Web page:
Mecca, of course, is Tiffany's, not because diamonds are a faux art critic's best friend, but because the diamonds Audrey Hepburn gazed at dreamily when she stood in front of that window on an early film morning of 1961 dipping her croissant in her coffee, in Blake Edwards's realization of Truman Capote's Holly Golightly from "Breakfast at Tiffany's" -- those diamonds were stand-ins; fill in your diamond, artistically inclined 1950s-'70s child of the midwest dreaming New York dreams that were not the dreams of acquisition of Donald Trump and Michael Bloomberg's New York, but the dream of artistic ascension, of art that ascended, of art that uplifted. It uplifted its creator as well, sure -- you need a good dose of ego to make it here -- but would also, its creator hoped, be he Capote or, say, Keith Haring, who stood in front of this same window 18 years after Audrey/Tiffany, sketching penises, uplift at least his contemporaries, his generation, be their voice. Already, just seven years after Haring stood in front of that Tiffany's window in 1979, Holly's diamonds having been replaced by penises as this guy's best friend, and 21 years after Brian Kelly's naked martinis may have addled his dreams but didn't derail his morals in Leonard's 1965 coming of age in NY novel, the dream had dwindled for the next generation of big city dreamers; Tama Janowitz's heroes were "Slaves of New York" because fear of ever finding another apartment kept them enslaved in bad relationships; in Mike Bloomberg's New York version 2.011, it'll take you $2,000 minimum, brother hipster, to even land a one-bedroom in the Brooklyn hinterlands of Greenpoint, where a sign on my street announced today that cars will be towed Monday to make way for the filming of "Girls," "a new series about the struggles and occasional triumphs of a group of 20-something friends!"; real 20-something Hollys and Keiths can't actually afford to live in New York, anymore; all that's left is to watch Mike Bloomberg's Film Commission's tele-reality stand-ins for themselves have lives now out of reach for them; advance scouts Holly and Keith have been replaced by Sirens; don't go near those rocks, brother; they may glitter like Holly's but they'll tear you to pieces faster than you can say "room available in Staten Island apartment, $1,000."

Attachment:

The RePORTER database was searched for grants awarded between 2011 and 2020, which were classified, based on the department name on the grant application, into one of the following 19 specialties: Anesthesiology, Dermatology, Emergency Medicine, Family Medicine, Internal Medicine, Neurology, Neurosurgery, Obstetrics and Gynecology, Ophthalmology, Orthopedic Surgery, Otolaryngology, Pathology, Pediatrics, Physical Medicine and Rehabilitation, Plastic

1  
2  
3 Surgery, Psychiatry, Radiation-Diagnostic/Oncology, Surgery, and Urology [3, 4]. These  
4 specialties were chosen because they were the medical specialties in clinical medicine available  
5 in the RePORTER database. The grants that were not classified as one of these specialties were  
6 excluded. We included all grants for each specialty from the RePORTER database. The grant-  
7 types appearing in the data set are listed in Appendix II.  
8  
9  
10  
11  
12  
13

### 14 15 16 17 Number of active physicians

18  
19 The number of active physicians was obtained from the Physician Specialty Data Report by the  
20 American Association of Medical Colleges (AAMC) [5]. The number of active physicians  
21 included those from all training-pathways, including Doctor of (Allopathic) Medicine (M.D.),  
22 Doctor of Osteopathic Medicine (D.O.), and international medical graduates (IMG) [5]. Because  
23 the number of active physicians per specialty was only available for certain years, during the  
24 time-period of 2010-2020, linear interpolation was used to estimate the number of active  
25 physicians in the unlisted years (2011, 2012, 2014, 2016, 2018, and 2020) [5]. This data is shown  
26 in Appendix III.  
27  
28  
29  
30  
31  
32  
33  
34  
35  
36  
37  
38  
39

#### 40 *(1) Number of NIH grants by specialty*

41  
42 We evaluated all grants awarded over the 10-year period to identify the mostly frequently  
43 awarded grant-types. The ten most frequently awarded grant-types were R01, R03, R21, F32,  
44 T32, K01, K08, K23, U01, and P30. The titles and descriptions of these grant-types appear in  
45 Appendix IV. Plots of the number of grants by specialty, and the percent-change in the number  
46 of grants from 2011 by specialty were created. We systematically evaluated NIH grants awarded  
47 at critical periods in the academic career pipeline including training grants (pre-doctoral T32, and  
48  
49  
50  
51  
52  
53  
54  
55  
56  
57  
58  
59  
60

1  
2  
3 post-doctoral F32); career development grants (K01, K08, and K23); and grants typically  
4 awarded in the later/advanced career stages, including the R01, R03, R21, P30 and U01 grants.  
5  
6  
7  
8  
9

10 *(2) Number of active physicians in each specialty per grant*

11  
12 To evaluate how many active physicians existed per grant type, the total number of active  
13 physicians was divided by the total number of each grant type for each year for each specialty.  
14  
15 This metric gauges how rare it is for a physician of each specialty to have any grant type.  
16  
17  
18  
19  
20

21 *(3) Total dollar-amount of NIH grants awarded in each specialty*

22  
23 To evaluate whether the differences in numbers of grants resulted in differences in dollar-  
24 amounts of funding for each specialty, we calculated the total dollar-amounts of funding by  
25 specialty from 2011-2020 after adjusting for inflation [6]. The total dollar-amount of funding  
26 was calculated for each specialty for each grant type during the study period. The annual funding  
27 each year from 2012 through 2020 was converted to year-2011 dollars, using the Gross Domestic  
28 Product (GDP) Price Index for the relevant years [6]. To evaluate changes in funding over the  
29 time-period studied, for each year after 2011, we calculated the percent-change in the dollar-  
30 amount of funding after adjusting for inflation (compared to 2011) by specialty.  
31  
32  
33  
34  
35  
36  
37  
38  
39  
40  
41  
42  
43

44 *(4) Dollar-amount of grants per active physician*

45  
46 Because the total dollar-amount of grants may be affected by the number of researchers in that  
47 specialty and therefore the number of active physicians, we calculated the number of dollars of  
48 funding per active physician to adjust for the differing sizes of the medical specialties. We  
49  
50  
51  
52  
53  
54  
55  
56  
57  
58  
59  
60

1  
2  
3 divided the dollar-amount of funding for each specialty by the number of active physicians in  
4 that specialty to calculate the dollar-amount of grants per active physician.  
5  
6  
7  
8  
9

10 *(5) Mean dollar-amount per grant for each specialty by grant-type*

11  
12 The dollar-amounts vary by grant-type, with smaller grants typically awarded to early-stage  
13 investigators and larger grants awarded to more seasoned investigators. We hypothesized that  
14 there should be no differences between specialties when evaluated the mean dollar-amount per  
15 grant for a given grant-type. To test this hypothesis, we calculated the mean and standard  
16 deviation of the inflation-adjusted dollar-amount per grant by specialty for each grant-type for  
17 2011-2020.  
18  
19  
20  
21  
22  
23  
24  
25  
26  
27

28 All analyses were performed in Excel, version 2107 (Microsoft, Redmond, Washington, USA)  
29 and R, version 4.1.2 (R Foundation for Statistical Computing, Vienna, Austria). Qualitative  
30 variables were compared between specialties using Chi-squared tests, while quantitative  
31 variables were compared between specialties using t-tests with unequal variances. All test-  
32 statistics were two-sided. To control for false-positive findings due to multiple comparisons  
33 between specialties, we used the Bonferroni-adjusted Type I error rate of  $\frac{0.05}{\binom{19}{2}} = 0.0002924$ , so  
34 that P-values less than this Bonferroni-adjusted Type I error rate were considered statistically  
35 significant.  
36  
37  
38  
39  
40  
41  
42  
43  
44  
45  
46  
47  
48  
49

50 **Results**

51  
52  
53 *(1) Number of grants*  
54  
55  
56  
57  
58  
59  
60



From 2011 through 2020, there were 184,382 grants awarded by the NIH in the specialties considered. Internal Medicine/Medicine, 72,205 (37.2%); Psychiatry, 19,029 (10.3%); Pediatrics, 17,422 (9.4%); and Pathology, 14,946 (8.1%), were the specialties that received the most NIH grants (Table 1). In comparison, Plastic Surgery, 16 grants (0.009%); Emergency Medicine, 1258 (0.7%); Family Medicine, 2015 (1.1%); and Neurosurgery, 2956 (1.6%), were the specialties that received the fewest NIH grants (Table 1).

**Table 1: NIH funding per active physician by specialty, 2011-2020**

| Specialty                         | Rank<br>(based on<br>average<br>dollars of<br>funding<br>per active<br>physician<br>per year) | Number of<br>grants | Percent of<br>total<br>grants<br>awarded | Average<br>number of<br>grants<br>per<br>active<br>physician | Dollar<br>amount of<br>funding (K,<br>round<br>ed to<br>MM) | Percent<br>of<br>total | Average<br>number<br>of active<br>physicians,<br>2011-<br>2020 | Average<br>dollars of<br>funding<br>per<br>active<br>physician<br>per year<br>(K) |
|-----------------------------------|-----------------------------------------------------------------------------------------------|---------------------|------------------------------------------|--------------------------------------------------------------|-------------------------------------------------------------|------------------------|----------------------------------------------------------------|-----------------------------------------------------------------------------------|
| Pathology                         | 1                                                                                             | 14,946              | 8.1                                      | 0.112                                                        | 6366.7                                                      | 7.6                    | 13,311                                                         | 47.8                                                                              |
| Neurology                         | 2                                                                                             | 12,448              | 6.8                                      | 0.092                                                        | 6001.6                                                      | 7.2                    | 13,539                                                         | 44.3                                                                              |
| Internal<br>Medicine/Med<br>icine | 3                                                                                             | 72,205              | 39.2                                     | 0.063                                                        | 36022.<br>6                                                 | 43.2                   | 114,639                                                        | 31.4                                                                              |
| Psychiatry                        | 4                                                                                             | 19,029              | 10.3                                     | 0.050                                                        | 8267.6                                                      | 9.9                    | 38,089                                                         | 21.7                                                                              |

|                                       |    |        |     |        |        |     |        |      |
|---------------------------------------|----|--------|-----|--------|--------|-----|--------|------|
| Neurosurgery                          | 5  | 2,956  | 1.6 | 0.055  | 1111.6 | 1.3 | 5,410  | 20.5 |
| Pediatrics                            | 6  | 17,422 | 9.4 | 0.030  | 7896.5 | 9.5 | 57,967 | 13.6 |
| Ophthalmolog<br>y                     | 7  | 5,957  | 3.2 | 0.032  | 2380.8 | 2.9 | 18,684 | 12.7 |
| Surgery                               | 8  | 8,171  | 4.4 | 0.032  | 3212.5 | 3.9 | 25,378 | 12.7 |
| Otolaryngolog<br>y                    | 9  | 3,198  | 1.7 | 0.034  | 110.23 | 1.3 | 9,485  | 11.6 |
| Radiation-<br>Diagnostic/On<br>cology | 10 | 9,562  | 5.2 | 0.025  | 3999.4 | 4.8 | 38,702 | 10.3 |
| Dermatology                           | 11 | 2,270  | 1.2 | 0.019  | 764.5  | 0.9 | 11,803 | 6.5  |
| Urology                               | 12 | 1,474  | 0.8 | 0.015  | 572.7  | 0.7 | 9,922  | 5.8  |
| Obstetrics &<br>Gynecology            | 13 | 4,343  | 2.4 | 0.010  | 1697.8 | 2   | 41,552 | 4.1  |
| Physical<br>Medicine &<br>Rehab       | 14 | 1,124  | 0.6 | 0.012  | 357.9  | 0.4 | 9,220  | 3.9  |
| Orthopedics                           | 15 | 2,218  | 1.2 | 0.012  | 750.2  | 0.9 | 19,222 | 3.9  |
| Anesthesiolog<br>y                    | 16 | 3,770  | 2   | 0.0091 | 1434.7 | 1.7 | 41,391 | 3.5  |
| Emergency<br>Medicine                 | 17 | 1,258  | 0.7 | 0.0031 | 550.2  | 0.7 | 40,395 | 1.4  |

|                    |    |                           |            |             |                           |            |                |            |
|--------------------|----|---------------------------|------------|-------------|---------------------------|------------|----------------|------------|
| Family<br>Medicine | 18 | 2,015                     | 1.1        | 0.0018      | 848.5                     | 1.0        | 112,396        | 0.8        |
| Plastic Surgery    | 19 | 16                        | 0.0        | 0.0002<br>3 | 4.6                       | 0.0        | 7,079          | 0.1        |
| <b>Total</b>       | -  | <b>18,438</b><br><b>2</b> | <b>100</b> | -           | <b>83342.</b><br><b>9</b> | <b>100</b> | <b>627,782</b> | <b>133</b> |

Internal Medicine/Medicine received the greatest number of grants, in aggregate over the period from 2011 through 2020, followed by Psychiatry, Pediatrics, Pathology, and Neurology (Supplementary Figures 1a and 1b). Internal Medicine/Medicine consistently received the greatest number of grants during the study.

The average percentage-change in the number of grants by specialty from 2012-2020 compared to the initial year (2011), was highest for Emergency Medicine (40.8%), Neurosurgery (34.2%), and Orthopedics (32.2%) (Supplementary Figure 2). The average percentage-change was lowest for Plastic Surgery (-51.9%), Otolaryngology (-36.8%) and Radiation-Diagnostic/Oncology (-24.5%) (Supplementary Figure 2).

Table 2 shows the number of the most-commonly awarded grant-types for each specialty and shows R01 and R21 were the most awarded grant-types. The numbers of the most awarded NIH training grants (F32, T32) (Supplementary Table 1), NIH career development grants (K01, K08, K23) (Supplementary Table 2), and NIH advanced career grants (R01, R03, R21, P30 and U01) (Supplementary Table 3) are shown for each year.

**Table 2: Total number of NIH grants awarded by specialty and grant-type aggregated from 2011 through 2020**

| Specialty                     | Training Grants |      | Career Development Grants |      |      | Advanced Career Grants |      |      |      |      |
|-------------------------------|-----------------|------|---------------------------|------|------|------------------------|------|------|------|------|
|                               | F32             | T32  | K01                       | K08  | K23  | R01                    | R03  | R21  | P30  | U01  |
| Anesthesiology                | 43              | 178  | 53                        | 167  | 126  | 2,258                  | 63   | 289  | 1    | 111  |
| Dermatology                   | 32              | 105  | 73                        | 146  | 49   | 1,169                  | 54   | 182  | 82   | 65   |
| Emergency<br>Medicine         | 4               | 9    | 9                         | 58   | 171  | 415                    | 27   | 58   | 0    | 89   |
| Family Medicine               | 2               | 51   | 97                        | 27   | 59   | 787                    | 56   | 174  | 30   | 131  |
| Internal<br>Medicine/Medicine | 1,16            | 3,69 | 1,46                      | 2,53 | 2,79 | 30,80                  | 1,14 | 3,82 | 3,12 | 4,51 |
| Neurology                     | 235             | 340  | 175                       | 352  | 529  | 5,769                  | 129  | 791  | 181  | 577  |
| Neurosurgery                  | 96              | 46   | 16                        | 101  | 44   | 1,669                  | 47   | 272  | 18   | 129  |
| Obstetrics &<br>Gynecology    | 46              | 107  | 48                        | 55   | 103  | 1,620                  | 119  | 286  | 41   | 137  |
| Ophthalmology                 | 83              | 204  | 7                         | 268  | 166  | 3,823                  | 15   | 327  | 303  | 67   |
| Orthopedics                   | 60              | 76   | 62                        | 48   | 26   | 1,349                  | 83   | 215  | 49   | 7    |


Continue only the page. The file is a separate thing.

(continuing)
Keith Haring. Manhattan Penis Drawings for Ken Hicks, 1978. Graphite on paper. 8 1/2 x 5 1/2 inches (21.6 x 14 cm). ©Keith Haring Foundation. Courtesy Gladstone Gallery, New York. On view at the Gladstone Gallery through July 1.

No rocks awaited me when I arrived before Tiffany's @ 57th & the Avenue at 11:15 Wednesday night, but lockets: In the first window, a silver dollar-sized and a quarter-sized one, the first with a white rose atop it, the second with a turquoise pearl. They dangled from chains, encadred in a double layer of false green brush; behind them rippling frothy ocean waves on a turquoise-blue sea projected on a screen. I imagined the white-rosed locket as Audrey/Holly's, pure as ivory; the smaller was Keith's -- the dream had diminished by the time he stood before this window just 18 years after Audrey -- and tried to imagine him balancing his small sketchbook on the marble ledge below the showcase window.

I asked myself whether my own projecting of all this was just an excuse to publish more of Haring's "Sketching Penises in front of Tiffany's" drawings from the Gladstone exhibition in New York, masking my more sensationalist tendencies and risking that some readers might find them obscene. Then I looked up at the towering monstrosity next door, and realized that this was the truly obscene phallic figure: Trump Tower, symbol of Mike Bloomberg's New York Version 2.011, making it all the more vital to celebrate Keith's more innocent dreams, those of a girl-guy who, like Holly, just wanted to have fun. Sure, business and money have always gone hand in hand with art and literature in making this town run, but the balance has slipped precipitously. For John Leonard's Brian Kelly, the Mad man perch was just a key to open the door to the Emerald City, a means to an end, not the end itself. In Mike Bloomberg's New York Version 2.011, the arts are little more than a means to market mecca, a mecca where living artists can no longer afford to live. To say nothing of arts writers and editor/publishers, which is why for me it's so long Ghost Town and Go West, young man, to Fort Worth, where the housing's still cheap, the living is large, and New York giants like Davis and Barnet are still celebrated in art temples like the Carter.